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Mucocutaneous exposure usually leads to acute or subacute onset of constitutional signs including fever (may be low-grade or recurring), rigors, sweats, headache, fatigue and myalgias, with localized nodular to erosive infection, mucopurulent discharge, and regional lymphadenopathy. Cutaneous exposure typically leads to local inflammatory nodule formation with subsequent lymphangitis (sometimes with sporotrichoid nodule distribution) and lymphadenitis. With oronasal and ocular entry or involvement, severe headache, photophobia, lacrimation, mucopurulent nasal, and ocular exudates leading to ulceration, may occur. Chronic infection and erosion of the nasal septum and turbinates can lead to severe disfigurement. Inhalational exposure usually produces the preceding constitutional signs and pulmonary involvement with pleuritic chest pain, cervical adenopathy (particularly with upper respiratory involvement including pharyngitis or purulent rhinitis), and possibly other organ signs such as hepatosplenomegaly. Pulmonary involvement may follow direct inhalation of organisms or arise secondarily via hematogenous spread. Septicemia may occur at any time during the infectious course, regardless of the mode of entry. When it occurs with initial infection, it is typically rapidly progressive and may include any combination of the previous signs and symptoms as well as tachycardia, jaundice, diarrhea, and granulomatous and necrotizing lesions in virtually any organ. Particularly if systemic invasion occurs from mucosal or cutaneous lesions, a diffuse papular and/or pustular rash may occur that may be mistaken for smallpox. Evidence of disseminated infection may include regional or generalized cutaneous pustules, internal organ abscess formation (especially liver, spleen, and lungs) and intramuscular abscess, particularly within skeletal muscles of the legs and arms. Disseminated infections carry a high risk of rapidly progressive septic shock and 35 subsequent mortality. Chronic symptomatic infection is common (50% of all natural cases) and is eventually always fatal without treatment. Chronic infections with less virulent strains may also be periodically asymptomatic. Mortality rates dropped to 20% for localized disease and 40% overall after sulfadiazine therapy became available; experience with treatment using modern antibiotics is limited. Also, melioidosis may remain asymptomatic after initial acquisition, and can remain quiescent for decades; these patients may present with active melioidosis up to 29 years later, often associated with onset of an immune-compromising state. Mucocutaneous exposure may lead to local nodule / abscess formational and regional lymphadenitis, but this is not as commonly seen as with glanders. In fact, most suspected percutaneous exposures which have led to symptomatic disease initially presented with either pneumonia (presumably via hematogenous spread) and / or sepsis. Rarely, melioidosis will present as a distal, focal abscess with or without obvious site of primary inoculation; most commonly as a primary purulent parotitis in children (more common in Thailand) or as a primary prostatic abscess (more common in northern Australia). For non-septicemic patients with focal disease, and with appropriate surgical and medical therapy, prognosis is good. Inhalational exposure, either through near drowning or via infectious aerosols, typically results in an acute or subacute pneumonia and septicemia. Septicemic melioidosis typically presents with fever, rigors, night sweats, myalgia, anorexia, and headache. Additional signs and symptoms can include regional adenopathy, lymphangitis, papular or pustular skin lesions, diarrhea, and hepatosplenomegaly. With septicemia, flushing, cyanosis, disseminated pustular eruption, regional lymphadenitis and cellulitis may be seen. Melioidosis pneumonia can present in many forms, but is most commonly seen as a lobar or segmental consolidation with a predilection for the upper lobes, or as multiple, widespread 0. Even with a primary pneumonic infection, dissemination (if patient survives) is likely to produce cutaneous (10-20% of cases) and internal (especially liver and spleen) abscesses even weeks to months later. Poor prognostic indicators for severe melioidosis include positive blood culture within 24 hours of incubation and neutropenia. Overall mortality (treated) for severe melioidosis is up to 50% in Thailand and 19% in Australia. Death is a rare outcome for melioidosis patients who did not have predisposing risk factors. Gram stain of lesion exudates reveals small irregularly staining, gram-negative, bacilli. The organisms can be cultured and identified from abscesses/wounds, secretions, sputum (in pneumonia), and sometimes blood and urine with standard bacteriological medium; adding 1-5% glucose, 5% glycerol, or meat infusion nutrient agar may accelerate growth. Specific, rapid immunoassays may be available in some reference laboratories for B. A single IgM titer above 1:160 with a compatible clinical picture suggests active infection; IgG is less useful in endemic regions due to high seroprevalence. In septicemic glanders, mild leukocytosis with a shift to the left or leukopenia with a relative lymphocytosis may occur. With systemic melioidosis, significant leukocytosis with left shift is common, and leucopenia / neutropenia are poor prognostic indicators; anemia, coagulopathy, and evidence of hepatic or renal dysfunction may be present. Chest radiograph in cases with pneumonia may demonstrate lobar or segmental opacification, or diffuse nodular opacities. Abdominal ultrasound should be considered on all patients with suspected glanders or melioidosis to exclude the possibility of hepatic and splenic abscesses. Prostatic abscess in melioidosis can be delineated, usually as a heterogeneous multiloculated fluid collection within an enlarged prostate, using transrectal ultrasound, or by computerized tomography or magnetic resonance imaging. Individual chronic lesions may be granulomatous and the pathologic tissue diagnosis may simulate tuberculosis, which can cause confusion in areas where both diseases are endemic (such as Thailand). Septicemic patients often require aggressive supportive care to include fluid resuscitation, vasopressors, and management of coagulopathy. Large abscesses should be drained when possible; prostatic and parotid abscesses in patients with melioidosis are unlikely to resolve without surgical intervention. The recommended therapy will vary with the type and severity of the clinical presentation. An understanding of appropriate medical management of glanders is confounded by the fact that clinical experience with this disease waned before the modern antibiotic era. Systemic melioidosis should be treated initially with ceftazidime (120 mg/kg/day intravenous in three divided doses), imipenem (60 mg/kg/day intravenous in four divided doses, max 4 g/day), or meropenem (75 mg/kg/day intravenous in three divided doses, max 6g/day). If ceftazidime or a carbapenem are not available, ampicillin/sulbactam or other intravenous beta-lactam/beta-lactamase inhibitor combinations may represent viable, albeit less-proven alternatives. Intravenous antibiotics should be continued for at least 14 days and until the patient shows clinical improvement. Patients may remain febrile for prolonged periods despite appropriate antimicrobial therapy. Median time to fever resolution is 9 days, but can be significantly longer in patients with large abscesses or empyema that are not drained. Upon completion of intravenous therapy, oral maintenance therapy (with one of the oral treatment regimens listed below) should be continued for at least 4-6 months. Oral antibiotic maintenance therapy of severe melioidosis should continue for at least 20 weeks to reduce the rate of relapse to less than 10%; however, longer courses (6-12 months) may be necessary depending upon response to therapy and severity of initial illness. Amoxicillin/clavulanic acid has been used in some areas and may be the antibiotic of choice during pregnancy or for children less than 8 years old. Combinations including fluoroquinolones show promise, but have not been validated. Standard precautions should be used to prevent personto-person transmission in proven or suspected cases. Person-to-person airborne transmission is unlikely, although secondary cases may occur through improper handling of infectious materials. Contact precautions are indicated while caring for patients with skin involvement. These animal studies indicate that ciprofloxacin may have utility as well, but it was associated with higher relapse rates than doxycycline. Optimum duration of prophylaxis is unknown, but at least 10 days and perhaps more should be attempted. Symptoms include high fever, chills, headache, malaise, followed by cough (often with hemoptysis), progressing rapidly to dyspnea, stridor, cyanosis, and death. Death results from respiratory failure, circulatory collapse, and a bleeding diathesis. Bubonic plague is characterized by swollen painful lymph nodes called buboes (often in the inguinal area), high fever, and malaise. Bubonic plague may progress spontaneously to the septicemic form (septic shock, thrombosis, disseminated intravascular coagulation) or to the pneumonic form.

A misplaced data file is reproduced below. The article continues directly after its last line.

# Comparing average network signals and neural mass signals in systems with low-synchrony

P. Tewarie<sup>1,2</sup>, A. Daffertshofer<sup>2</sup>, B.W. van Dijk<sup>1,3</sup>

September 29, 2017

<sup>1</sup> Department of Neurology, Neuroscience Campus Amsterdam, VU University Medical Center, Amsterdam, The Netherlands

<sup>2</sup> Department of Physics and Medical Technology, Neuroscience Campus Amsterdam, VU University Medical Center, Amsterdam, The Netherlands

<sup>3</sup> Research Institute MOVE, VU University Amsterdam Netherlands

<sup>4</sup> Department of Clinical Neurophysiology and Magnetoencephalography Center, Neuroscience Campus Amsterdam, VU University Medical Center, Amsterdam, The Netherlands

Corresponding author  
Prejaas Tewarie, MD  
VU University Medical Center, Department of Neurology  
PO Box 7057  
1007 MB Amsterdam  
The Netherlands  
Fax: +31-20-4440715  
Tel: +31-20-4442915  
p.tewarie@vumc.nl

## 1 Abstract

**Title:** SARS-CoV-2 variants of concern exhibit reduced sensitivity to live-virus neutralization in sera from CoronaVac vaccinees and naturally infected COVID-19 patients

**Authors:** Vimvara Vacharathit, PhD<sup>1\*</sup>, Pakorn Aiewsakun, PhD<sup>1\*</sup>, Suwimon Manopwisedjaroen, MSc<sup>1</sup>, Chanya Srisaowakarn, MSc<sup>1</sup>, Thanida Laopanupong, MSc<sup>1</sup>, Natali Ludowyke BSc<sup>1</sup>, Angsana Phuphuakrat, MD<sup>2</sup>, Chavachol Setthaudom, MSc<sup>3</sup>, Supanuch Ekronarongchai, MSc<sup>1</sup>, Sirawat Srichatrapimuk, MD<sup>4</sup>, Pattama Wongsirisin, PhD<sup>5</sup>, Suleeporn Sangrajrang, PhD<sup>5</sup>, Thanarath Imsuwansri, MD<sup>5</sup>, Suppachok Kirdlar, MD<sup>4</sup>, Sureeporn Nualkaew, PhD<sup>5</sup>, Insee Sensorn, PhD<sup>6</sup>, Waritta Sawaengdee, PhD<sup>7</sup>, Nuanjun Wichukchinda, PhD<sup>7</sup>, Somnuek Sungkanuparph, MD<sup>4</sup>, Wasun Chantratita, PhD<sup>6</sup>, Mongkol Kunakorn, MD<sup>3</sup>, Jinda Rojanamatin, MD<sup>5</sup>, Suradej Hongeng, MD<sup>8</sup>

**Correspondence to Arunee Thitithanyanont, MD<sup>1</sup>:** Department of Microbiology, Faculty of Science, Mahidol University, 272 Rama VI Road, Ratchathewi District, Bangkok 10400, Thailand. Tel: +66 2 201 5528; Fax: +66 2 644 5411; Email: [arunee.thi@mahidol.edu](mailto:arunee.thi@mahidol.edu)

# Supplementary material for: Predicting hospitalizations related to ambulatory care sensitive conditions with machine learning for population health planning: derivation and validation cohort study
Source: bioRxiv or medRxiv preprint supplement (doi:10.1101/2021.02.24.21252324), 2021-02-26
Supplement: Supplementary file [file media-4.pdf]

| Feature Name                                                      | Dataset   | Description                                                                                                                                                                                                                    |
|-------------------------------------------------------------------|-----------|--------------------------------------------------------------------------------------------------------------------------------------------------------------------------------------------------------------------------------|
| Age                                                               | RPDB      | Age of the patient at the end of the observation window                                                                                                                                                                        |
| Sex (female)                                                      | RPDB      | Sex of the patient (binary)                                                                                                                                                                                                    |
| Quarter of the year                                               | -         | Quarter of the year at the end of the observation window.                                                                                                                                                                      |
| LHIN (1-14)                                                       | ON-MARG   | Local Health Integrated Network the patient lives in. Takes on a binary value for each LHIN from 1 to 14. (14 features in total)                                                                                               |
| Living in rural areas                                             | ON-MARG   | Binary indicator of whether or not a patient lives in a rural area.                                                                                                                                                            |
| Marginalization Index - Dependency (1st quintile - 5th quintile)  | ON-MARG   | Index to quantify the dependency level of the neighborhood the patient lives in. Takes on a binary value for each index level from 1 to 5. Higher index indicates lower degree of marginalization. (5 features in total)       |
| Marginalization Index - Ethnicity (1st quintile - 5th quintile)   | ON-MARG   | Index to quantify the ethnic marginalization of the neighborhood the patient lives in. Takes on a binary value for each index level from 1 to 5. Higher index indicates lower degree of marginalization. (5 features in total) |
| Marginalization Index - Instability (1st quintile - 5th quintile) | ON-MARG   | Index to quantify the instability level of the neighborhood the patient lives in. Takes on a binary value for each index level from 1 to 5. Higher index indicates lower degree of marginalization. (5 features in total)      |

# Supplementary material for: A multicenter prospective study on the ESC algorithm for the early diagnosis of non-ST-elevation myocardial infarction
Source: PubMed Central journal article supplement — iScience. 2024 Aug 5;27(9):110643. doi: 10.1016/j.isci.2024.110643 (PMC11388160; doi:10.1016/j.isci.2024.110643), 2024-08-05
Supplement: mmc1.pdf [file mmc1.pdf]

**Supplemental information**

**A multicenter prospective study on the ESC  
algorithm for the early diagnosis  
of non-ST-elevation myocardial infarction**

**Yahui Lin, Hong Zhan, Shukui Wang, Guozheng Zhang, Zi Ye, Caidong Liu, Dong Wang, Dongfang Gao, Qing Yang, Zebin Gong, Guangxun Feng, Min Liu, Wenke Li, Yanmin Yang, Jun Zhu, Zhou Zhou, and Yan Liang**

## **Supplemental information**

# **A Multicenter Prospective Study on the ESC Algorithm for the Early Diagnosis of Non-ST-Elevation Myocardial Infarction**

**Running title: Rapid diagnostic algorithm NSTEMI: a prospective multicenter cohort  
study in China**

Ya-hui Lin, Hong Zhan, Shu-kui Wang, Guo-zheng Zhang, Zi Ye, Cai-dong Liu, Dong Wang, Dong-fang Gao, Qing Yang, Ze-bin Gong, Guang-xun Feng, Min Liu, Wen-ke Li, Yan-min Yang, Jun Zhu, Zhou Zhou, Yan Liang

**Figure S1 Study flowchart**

References:

  • https://www.drugpolicy.org/sites/default/files/Cannabis_and_Cancer_ARblog_081115.pdf
  • https://www.canadiancriticalcare.org/resources/Pictures/SSC_Guidelines2012.pdf
  • https://www.iosh.co.uk/~/media/Documents/Networks/Branch/London%20Metropolitan/Legionella_The_Invisible_Killer.pdf?la=en
  • https://www.medrxiv.org/content/10.1101/2020.03.06.20032144v1.full.pdf
  • https://www.nationalpartnership.org/our-work/resources/economic-justice/fair-pay/americas-women-and-the-wage-gap.pdf